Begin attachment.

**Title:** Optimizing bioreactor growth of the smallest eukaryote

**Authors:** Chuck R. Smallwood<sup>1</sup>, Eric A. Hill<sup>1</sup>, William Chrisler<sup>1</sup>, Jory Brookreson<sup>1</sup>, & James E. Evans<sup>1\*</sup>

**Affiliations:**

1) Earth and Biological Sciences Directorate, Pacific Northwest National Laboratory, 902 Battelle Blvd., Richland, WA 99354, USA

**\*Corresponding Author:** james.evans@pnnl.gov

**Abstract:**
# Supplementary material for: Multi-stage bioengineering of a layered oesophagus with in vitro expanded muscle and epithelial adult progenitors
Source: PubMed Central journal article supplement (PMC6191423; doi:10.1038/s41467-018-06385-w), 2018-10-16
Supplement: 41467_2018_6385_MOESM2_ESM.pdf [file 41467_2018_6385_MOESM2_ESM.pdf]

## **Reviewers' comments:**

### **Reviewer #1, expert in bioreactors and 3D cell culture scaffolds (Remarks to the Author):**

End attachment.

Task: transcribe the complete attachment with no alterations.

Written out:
**Title:** Optimizing bioreactor growth of the smallest eukaryote

**Authors:** Chuck R. Smallwood<sup>1</sup>, Eric A. Hill<sup>1</sup>, William Chrisler<sup>1</sup>, Jory Brookreson<sup>1</sup>, & James E. Evans<sup>1\*</sup>

**Affiliations:**

1) Earth and Biological Sciences Directorate, Pacific Northwest National Laboratory, 902 Battelle Blvd., Richland, WA 99354, USA

**\*Corresponding Author:** james.evans@pnnl.gov

**Abstract:**
# Supplementary material for: Multi-stage bioengineering of a layered oesophagus with in vitro expanded muscle and epithelial adult progenitors
Source: PubMed Central journal article supplement (PMC6191423; doi:10.1038/s41467-018-06385-w), 2018-10-16
Supplement: 41467_2018_6385_MOESM2_ESM.pdf [file 41467_2018_6385_MOESM2_ESM.pdf]

## **Reviewers' comments:**

### **Reviewer #1, expert in bioreactors and 3D cell culture scaffolds (Remarks to the Author):**